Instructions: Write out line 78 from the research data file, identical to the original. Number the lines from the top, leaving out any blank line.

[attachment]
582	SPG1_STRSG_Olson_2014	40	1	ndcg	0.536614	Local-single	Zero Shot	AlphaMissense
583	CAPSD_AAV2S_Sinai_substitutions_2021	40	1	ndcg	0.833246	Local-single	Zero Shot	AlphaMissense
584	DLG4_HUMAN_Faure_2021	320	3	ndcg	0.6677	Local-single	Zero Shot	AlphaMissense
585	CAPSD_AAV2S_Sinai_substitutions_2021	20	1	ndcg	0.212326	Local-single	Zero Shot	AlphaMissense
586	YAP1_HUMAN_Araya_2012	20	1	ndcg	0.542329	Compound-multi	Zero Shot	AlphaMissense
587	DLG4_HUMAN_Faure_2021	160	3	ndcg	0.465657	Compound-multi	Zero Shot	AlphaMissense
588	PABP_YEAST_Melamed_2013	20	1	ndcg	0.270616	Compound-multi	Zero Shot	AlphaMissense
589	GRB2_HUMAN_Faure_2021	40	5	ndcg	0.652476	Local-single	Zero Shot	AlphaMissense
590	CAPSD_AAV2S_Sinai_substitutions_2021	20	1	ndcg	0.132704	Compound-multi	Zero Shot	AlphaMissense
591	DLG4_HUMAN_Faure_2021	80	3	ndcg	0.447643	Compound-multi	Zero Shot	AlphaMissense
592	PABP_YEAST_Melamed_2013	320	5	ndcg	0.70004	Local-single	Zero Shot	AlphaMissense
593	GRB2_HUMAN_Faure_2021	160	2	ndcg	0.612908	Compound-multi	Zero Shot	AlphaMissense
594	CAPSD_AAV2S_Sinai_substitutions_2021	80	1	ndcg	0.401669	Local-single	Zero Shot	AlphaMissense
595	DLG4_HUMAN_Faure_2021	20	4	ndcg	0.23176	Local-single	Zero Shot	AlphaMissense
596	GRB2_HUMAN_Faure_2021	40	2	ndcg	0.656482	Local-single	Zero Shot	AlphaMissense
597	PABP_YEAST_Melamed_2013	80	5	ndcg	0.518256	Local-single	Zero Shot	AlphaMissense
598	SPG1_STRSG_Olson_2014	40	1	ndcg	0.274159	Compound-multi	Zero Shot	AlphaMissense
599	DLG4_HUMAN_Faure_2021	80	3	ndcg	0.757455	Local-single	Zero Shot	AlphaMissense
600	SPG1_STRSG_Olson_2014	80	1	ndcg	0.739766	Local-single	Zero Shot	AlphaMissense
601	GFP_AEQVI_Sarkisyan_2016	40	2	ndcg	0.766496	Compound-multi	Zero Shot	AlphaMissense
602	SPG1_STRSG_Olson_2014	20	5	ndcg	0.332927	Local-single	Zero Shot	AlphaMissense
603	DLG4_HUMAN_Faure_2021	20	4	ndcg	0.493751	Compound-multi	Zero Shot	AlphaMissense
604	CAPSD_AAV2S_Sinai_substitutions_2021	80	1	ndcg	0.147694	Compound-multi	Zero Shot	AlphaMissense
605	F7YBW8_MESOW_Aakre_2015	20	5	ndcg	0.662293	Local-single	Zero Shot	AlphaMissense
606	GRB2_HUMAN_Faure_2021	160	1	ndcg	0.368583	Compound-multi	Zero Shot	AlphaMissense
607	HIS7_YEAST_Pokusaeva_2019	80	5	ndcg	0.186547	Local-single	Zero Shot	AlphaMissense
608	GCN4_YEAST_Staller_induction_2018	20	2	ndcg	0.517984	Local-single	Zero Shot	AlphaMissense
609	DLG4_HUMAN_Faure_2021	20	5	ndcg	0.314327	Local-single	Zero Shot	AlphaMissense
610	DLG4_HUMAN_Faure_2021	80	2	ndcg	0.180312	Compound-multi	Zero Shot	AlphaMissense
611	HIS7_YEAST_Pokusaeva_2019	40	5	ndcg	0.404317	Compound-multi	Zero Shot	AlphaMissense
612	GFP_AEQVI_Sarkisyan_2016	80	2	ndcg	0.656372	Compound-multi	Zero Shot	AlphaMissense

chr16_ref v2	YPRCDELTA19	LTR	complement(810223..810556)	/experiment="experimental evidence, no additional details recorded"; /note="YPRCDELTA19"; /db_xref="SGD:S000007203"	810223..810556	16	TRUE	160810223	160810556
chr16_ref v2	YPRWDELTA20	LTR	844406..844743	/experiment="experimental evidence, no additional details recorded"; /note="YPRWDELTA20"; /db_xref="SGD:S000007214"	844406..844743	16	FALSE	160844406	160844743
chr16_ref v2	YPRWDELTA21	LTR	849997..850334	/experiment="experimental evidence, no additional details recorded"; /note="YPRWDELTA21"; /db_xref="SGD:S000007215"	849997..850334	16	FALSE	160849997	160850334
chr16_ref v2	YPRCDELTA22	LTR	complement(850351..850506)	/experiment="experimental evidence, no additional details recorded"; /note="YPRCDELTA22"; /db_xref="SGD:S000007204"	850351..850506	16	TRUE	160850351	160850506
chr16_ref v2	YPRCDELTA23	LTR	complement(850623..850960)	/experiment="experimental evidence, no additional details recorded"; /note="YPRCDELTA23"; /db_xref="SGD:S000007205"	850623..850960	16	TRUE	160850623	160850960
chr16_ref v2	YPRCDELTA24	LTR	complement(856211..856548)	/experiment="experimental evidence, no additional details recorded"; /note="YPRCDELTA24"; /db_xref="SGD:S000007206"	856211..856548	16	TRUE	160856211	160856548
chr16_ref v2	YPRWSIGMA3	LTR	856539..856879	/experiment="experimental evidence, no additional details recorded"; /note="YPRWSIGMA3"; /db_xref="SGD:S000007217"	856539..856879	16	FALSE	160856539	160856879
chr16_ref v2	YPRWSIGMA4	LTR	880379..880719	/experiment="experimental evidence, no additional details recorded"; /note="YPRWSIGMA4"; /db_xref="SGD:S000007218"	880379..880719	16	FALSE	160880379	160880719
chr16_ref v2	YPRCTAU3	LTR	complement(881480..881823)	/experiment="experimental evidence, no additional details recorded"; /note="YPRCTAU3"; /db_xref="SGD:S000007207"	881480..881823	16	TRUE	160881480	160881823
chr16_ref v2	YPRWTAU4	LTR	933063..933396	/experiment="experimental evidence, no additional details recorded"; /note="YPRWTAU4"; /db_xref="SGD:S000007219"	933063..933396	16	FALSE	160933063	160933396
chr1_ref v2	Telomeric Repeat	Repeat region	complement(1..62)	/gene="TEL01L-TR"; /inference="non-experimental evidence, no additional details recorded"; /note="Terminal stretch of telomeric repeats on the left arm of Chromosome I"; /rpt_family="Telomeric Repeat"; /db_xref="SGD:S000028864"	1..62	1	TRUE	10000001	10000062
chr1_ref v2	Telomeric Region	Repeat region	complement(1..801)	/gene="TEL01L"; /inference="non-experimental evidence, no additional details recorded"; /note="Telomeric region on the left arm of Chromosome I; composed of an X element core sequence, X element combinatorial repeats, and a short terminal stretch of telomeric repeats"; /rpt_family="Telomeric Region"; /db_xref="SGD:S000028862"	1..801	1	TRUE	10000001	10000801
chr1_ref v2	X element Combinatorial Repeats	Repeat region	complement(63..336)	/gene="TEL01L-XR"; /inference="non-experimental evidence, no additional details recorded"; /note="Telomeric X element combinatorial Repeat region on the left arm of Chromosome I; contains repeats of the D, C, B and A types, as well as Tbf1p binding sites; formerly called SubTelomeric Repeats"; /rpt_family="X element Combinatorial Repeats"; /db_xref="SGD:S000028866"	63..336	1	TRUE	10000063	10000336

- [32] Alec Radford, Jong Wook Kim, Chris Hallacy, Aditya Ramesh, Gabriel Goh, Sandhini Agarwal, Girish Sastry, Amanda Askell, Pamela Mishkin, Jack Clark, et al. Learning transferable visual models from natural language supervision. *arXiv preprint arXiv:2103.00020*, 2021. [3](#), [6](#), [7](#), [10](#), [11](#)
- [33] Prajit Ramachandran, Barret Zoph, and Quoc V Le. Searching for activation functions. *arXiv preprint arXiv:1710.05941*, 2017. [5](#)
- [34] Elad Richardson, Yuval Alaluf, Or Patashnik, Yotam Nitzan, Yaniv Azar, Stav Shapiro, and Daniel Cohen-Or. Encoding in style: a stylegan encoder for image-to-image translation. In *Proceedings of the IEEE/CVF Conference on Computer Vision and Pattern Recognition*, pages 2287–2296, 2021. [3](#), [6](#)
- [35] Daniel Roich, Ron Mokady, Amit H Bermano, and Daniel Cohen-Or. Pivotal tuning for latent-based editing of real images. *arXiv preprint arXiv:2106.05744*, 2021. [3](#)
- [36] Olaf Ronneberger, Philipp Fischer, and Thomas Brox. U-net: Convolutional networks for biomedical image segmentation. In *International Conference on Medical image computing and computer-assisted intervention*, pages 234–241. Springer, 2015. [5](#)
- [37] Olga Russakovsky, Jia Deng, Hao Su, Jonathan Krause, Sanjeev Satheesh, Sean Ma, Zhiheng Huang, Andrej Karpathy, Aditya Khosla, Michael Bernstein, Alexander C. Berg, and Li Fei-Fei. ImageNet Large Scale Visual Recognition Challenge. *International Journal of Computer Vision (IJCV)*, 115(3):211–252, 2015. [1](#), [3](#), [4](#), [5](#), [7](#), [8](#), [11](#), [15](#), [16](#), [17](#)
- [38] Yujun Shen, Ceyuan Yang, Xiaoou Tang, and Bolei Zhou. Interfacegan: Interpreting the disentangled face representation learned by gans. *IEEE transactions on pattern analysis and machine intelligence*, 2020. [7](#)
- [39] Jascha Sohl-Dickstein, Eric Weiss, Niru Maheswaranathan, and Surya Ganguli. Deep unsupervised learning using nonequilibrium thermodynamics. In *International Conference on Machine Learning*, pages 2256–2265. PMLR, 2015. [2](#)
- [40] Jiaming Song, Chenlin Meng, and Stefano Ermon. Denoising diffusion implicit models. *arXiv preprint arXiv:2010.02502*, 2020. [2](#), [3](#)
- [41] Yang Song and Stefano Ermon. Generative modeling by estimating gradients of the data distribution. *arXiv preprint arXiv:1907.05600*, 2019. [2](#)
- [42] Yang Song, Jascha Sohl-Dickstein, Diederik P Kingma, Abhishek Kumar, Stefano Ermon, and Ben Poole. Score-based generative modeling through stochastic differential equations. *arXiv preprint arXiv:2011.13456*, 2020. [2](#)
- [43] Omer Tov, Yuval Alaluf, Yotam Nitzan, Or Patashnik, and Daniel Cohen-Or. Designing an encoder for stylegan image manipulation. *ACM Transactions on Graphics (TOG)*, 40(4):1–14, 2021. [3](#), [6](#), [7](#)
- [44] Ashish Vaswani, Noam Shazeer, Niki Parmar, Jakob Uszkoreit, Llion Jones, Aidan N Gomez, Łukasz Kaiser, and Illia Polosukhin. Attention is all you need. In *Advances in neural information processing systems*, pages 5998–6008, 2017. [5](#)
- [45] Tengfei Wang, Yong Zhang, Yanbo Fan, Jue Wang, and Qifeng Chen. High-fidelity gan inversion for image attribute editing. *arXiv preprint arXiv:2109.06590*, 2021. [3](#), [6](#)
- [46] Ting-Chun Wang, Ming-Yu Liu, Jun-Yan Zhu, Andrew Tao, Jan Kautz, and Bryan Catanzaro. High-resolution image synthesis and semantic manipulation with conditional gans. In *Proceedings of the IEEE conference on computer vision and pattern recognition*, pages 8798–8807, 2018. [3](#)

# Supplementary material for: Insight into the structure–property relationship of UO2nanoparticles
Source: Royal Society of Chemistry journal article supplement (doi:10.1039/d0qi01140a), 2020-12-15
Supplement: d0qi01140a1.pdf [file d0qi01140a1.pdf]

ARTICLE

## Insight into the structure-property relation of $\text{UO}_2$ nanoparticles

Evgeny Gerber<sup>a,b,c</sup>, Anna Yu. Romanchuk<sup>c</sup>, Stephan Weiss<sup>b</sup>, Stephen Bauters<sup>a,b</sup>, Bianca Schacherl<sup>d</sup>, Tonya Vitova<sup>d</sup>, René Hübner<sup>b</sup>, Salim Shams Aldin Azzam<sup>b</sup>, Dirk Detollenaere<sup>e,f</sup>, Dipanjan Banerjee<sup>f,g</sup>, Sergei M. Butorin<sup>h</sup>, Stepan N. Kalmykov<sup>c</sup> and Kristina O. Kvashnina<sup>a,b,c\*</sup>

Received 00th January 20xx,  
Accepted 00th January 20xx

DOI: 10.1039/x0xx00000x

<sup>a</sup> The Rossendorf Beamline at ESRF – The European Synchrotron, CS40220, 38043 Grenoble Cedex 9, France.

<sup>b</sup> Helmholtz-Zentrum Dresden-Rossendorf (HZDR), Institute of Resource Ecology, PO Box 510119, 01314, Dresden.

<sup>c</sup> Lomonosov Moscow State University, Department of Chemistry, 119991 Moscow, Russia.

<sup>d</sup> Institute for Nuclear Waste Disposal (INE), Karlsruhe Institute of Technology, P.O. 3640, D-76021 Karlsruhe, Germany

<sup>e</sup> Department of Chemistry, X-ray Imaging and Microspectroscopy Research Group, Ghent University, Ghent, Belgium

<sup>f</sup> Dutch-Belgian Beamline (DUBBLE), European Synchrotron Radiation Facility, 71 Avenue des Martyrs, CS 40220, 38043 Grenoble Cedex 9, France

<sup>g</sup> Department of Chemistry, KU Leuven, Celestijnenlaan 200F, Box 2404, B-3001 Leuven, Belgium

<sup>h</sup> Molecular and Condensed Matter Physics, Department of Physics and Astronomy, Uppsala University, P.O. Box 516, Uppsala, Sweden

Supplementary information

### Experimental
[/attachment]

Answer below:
### Experimental